Make Your Video Look Like Film

by: Andrew Seltz

A common dream among independant filmmakers shooting digitally is to deliver a movie that looks like it was shot on 35mm with a huge budget. We want to impress people and there is a certain look that says, ‘you are a real filmmaker!’

The Film Look

The basic look of film can be broken down into technical factors and style factors.

Technically, film is shot in whole frames (progressive frames in the video world), at a frame rate of 24 frames per second, and the sensitivity of film to light tapers off in the highlights and shadows.

Stylistically, there is a well established process of lighting and shooting movies that is distinct from the the way video is generally produced.

There are a number of things you can do to give the illusion that your movie was shot on film.

Creating the ‘Film Look’ with Video

Light it like film. This is the easiest way to distinguish your movie from the typical ‘shot-on-video’ movie. Do not just turn on your camera and start shooting. The lighting on a big budget feature film is carefully planned to create a specific mood and look for the movie. You may not have a giant budget, but there are things you can do to improve the quality of the lighting in your projects. One cheap trick to better lighting – buy a white Chinese paper light and hold it just out of frame when shooting close-ups. The soft glowing light is flattering to your actors. Visit www.Cinematography.net to get help with your lighting questions.

Move the camera like a film. A film camera loaded with 35mm film is heavy. You can not just grab it with one hand and start shooting. Because of this, Hollywood has created a huge variety of devices to hold and move cameras – dollys, cranes, SteadiCams, and more. Move your camera the same way that big budget films do and viewers will subconciously identify the look as ‘film like.’ Nothing says ‘video’ like handheld cameras bouncing around.

Do Not Zoom!!!! Feature films rarely zoom-in during a shot. If the camera needs to get closer to something, they move it. In the 70’s zooms were often used as cheap dolly-shot substitutes on TV shows and that is what people will be reminded of if they see a zoom in your movie.

Put your camera on manual. Learn how to control the focus and exposure of your camera manually. Auto-focus and auto-exposure are great features for grandparents videotaping a kid’s soccer game. But, they scream amatuer in a movie. When the focus shifts or the exposure changes in a shot it should be because you planned it that way and not because the camera was guessing at the best settings.

Shoot in 24p mode. If you have a newer camera and it is capable of shooting in 24 frames-per-second progressive mode, use it. Film frames are captured one whole frame at a time at 24 frames per second. If you use the same frame rate and capture whole frames (progressive), your movie will have a more film-like quality. This makes a huge difference. One caution, fast camera moves will cause a strobing effect in progressive mode that does not happen when shooting interlaced video. Be prepared to slow down a little.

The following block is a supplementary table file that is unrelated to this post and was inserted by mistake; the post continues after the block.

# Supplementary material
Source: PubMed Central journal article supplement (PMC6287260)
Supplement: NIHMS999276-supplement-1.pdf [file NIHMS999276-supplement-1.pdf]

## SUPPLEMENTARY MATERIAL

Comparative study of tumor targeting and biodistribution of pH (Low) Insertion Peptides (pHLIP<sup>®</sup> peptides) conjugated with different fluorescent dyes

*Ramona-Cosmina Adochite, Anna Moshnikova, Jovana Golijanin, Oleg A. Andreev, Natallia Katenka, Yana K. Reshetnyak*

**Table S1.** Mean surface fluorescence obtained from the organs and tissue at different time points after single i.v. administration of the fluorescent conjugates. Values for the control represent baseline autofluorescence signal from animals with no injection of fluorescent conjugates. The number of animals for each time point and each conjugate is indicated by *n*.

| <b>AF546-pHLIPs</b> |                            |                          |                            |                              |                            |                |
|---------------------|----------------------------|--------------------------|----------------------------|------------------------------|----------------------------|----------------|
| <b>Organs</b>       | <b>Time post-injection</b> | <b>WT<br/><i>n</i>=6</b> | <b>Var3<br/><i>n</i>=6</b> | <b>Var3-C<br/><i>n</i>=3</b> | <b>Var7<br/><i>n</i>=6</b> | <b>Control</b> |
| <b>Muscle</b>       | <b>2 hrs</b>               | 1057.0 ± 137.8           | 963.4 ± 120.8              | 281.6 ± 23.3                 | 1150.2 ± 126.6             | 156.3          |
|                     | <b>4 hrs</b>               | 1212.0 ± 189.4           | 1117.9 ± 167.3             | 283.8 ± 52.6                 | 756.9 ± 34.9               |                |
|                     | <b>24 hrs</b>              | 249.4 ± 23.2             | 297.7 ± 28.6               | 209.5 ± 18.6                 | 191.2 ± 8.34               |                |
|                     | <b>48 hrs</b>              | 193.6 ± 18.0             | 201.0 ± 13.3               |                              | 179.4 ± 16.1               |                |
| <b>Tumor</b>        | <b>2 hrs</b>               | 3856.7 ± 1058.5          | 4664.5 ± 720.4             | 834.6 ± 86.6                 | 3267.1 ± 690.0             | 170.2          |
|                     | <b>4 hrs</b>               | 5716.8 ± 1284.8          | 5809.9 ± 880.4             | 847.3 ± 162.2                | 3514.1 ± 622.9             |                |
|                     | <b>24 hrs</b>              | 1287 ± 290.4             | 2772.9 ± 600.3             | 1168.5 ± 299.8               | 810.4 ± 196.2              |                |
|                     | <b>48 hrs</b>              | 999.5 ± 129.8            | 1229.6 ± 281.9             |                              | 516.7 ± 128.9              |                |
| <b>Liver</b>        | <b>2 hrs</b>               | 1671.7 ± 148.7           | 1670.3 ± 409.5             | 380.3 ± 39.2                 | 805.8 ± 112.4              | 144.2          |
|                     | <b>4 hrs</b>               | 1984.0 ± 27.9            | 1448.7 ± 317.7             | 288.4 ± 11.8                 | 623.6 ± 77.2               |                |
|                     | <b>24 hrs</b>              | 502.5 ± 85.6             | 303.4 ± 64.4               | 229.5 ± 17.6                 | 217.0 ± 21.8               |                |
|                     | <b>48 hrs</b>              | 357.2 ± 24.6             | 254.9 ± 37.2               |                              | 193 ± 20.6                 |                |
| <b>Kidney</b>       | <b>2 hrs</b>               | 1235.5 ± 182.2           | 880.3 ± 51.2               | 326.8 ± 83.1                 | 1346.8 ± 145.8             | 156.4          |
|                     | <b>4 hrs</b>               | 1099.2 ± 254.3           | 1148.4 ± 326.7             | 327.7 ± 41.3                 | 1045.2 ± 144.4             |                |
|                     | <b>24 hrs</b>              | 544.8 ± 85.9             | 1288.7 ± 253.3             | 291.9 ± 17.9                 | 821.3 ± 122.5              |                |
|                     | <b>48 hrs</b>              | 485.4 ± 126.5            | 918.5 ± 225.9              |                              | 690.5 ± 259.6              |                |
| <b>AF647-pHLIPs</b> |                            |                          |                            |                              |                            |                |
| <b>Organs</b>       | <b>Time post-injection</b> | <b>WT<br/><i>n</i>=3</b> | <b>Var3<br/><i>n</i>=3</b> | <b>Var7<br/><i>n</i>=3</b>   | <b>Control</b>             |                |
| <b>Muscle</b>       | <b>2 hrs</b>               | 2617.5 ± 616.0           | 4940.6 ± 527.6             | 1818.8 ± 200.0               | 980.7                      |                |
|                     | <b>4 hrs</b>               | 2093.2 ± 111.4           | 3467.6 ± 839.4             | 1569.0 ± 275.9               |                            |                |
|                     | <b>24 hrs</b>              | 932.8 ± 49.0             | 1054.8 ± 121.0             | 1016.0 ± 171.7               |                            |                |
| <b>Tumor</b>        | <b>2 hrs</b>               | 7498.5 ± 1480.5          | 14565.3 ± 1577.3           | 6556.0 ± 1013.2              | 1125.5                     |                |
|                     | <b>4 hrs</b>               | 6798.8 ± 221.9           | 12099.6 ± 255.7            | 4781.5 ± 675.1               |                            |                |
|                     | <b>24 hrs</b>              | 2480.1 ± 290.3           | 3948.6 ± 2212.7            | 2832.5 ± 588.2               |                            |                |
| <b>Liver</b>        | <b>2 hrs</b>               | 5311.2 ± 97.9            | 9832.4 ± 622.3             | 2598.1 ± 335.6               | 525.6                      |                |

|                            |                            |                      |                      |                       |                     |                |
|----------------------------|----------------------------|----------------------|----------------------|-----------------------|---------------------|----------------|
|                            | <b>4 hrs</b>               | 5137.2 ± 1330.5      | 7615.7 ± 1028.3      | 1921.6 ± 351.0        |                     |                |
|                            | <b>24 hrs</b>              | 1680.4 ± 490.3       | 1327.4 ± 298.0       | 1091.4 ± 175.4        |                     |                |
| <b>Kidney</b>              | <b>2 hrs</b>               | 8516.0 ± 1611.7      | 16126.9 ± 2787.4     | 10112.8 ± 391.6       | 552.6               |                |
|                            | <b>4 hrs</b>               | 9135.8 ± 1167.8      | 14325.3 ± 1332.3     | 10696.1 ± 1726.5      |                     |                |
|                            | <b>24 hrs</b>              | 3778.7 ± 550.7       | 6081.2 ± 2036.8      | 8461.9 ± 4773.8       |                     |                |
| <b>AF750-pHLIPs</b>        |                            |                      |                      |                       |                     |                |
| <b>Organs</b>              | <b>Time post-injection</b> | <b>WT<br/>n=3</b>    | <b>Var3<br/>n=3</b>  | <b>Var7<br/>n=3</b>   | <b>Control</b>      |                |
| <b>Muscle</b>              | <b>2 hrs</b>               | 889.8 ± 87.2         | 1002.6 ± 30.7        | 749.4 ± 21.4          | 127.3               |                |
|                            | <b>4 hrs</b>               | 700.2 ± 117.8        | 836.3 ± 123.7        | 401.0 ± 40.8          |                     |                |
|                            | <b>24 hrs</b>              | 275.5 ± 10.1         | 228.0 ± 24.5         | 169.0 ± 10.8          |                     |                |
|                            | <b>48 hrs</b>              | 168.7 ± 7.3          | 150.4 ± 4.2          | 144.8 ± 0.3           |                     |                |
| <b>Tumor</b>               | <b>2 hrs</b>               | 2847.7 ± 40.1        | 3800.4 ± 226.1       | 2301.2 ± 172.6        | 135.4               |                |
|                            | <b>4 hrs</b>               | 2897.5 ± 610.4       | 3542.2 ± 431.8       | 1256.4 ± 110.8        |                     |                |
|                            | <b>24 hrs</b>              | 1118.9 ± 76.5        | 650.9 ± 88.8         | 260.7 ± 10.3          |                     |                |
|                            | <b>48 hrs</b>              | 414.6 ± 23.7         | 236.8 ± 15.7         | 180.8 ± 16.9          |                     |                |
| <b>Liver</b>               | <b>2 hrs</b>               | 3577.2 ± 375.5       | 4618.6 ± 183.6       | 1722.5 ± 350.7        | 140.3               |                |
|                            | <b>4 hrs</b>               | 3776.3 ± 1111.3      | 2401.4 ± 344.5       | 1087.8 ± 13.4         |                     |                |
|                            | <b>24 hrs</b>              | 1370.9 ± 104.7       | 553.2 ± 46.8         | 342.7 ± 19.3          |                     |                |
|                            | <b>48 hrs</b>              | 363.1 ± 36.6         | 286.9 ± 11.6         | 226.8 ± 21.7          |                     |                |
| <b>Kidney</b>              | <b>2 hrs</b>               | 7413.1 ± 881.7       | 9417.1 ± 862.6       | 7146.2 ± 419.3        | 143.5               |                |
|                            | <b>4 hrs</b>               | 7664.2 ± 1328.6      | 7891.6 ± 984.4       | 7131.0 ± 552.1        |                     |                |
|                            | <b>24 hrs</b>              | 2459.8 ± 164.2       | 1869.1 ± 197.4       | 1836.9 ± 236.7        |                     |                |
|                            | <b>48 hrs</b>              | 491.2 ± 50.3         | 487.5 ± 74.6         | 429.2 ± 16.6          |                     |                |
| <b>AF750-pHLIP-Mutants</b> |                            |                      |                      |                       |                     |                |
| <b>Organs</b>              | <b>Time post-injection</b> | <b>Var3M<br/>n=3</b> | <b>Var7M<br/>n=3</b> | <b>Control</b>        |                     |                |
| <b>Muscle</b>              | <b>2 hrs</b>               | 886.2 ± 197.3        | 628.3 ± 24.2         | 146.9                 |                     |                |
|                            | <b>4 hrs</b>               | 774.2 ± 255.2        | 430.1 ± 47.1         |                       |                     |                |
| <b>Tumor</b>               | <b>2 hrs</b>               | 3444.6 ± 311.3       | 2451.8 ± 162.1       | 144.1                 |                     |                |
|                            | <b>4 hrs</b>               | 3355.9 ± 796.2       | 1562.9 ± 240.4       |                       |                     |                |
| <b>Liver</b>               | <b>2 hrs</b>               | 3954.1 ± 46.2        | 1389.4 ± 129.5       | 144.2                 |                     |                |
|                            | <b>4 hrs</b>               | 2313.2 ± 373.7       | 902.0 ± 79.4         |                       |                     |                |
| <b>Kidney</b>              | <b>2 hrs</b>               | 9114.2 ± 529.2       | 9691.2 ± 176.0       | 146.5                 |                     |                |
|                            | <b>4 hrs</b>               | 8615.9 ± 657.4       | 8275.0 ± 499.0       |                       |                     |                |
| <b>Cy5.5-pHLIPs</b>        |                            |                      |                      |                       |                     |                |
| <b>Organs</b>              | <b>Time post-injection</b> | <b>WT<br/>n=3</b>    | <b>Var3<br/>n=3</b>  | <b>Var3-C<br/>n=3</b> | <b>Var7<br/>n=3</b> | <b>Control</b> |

Deinterlace your footage. If your camera does not support progressive mode and you have to shoot interlaced video, deinterlacing in post production will create a similar effect to shooting in progressive mode. The downsides are that you will have to process every frame which will lead to some degradation of the image and, because you are basically throwing out half of the vertical resolution of the video, you will lose detail and sharpness. There are some software plugins, like DVFilm Maker, that will do an ‘intelligent’ deinterlacing that preserves much of the detail. This software will also convert 30 frame-per-second video to 24 fps.

Adjust your curves. The sensitivity of film to light has not even. Video chips record brightness in even increments from pure black to pure white. Film’s sensitivity gradually eases in from pure black and gradually eases out to pure white. This creates a characteristic look in the shadows and highlights. In post production you can apply a curves adjustment to your video and introduce a slight ‘S’ shape in the curve. The effect will be immediately appearant. The dark areas will get more dense and the highlights will spread out a little. A little goes a long way. DVInfo.net has an excellent tutorial demostrating this effect.

Conclusion

These techniques may not fool the trained eye, but they will go a long way toward convincing everyone else. They will certainly make your finished movie appear more like it was shot on film. Have fun experimenting with the techniques and do not be afraid to try a few tricks of your own.

Andrew Seltz

Andrew was born in Michigan, raised there and in Tennessee, and has since lived outside Orlando, in Chicago, New York City, and now Birmingham, Alabama. He produces videos and websites for a living and is married to a beautiful, generous, loving woman who also happens to be a talented actress and writer - www.ellenseltz.com. They have two daughters.

One thought on “Make Your Video Look Like Film

  • December 16, 2009 at 6:10 pm
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    I agree with pretty much the entire post; Another tip I would add is to constantly white balance using some kind of white balance card. Also, vary your shots. Get a flow, wide shot to establish, medium, and then over the shoulder, and at least try to get one close up for each scene. Having the variation of shots goes a long way. But, by far the most important I would say is how you move the camera. Don’t zoom, use a dolly, use a jib or a glidecam. If you don’t have any of those things, just use a tripod. Whatever you do; believe me, you cannot get the Cloverfield look by shooting handheld w/ no production value.

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